Faisal Riaz: You were doing MBBS from King Edward Medical College before joining Pakistan Air Force. What made you leave MBBS and run for a soldier’s life?

Kaiser Tufail: I stayed in KEMC for a few months before I got selected in the PAF. In our days pre-meds could join as a flier. I thought a fighter pilot’s career was very thrilling. Now when I look back, I think it was one of the best decisions I made in my life.

Faisal Riaz: Did you ever think of being a pilot in your childhood like most of the kids?

Kaiser Tufail: Yes, I was crazy about fighters from childhood. Later, a couple of my classfellows, whose fathers were in the PAF, used to tell me about the exciting life of fighter pilots; that was more than enough to charge me up for a flying career. Also, I had seen my father in uniform and later, I myself wore one as an Abdalian for five years, so it was my desire to wear it in later life too. I was lucky to be in the blues for over three decades thereafter.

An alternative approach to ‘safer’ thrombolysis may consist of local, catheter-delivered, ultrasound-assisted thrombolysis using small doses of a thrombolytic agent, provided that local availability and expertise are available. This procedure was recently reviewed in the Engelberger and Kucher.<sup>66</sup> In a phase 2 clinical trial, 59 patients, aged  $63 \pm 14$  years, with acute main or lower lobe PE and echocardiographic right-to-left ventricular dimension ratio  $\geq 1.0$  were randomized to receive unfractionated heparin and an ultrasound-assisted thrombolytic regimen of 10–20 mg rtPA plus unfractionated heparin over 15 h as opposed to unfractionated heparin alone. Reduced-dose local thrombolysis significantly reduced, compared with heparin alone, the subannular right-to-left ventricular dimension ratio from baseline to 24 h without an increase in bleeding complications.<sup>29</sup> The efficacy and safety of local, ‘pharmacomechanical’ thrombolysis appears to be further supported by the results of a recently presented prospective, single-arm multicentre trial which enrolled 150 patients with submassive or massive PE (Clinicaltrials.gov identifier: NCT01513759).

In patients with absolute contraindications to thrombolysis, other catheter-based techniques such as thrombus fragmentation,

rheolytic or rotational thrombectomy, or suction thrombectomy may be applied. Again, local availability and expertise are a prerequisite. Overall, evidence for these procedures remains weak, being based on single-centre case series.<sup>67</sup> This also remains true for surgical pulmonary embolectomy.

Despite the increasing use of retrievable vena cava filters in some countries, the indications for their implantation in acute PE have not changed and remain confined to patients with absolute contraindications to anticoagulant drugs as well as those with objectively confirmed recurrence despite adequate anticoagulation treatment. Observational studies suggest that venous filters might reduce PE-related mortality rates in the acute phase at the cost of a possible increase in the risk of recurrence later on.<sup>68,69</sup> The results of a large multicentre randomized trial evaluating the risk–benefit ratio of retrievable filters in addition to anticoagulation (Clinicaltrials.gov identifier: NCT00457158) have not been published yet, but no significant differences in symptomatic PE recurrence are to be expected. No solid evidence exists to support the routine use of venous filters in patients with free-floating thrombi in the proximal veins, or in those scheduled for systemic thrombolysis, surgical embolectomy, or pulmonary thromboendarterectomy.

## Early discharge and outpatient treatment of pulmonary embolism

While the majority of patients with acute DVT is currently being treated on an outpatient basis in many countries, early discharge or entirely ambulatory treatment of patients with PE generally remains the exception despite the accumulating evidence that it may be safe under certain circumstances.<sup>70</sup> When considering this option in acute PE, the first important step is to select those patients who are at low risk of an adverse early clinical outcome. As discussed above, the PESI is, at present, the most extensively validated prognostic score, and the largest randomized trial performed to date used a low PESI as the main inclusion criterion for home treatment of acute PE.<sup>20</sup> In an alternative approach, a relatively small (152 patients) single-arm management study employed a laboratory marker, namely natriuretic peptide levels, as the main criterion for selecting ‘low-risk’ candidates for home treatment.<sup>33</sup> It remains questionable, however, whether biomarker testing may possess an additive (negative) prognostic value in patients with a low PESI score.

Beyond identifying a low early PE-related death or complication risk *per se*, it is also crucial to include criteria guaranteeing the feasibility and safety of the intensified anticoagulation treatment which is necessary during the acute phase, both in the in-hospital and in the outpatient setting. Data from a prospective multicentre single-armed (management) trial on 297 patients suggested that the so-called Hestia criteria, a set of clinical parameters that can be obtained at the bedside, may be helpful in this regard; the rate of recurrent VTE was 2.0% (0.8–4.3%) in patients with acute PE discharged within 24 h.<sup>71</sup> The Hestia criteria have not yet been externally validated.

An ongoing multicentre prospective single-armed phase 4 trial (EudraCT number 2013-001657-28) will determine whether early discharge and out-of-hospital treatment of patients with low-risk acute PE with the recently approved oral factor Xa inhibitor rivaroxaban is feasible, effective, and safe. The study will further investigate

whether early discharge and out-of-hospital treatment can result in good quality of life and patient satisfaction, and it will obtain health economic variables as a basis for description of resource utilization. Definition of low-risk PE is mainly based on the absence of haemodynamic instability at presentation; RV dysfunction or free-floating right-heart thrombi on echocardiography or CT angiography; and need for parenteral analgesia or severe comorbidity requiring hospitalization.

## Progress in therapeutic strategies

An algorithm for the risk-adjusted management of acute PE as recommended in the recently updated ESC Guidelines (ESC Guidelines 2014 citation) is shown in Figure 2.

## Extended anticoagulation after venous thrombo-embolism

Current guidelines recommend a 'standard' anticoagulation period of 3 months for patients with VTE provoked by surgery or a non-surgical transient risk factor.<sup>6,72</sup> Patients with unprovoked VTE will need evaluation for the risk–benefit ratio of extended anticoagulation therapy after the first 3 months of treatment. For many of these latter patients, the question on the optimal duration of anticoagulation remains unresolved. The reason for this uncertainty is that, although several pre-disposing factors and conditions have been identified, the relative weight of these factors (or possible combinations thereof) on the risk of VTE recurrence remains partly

Faisal Riaz: Did you ever idealize any one as GDP who ultimately motivated you to end up being a fighter pilot?

Kaiser Tufail: I had never met a fighter pilot in real life before I joined the PAF. However, tales about M MAlam and other PAF heroes were quite inspiring for a young mind and I was no exception.

Faisal Riaz: Rigorous training and fitness are prerequisites of flying a jet fighter. What else it requires to be a successful combat pilot?

Kaiser Tufail: Motivation, dedication, discipline and a controllably aggressive nature.

Faisal Riaz: You went to Risalpur Academy for your training. How was the time and routine there?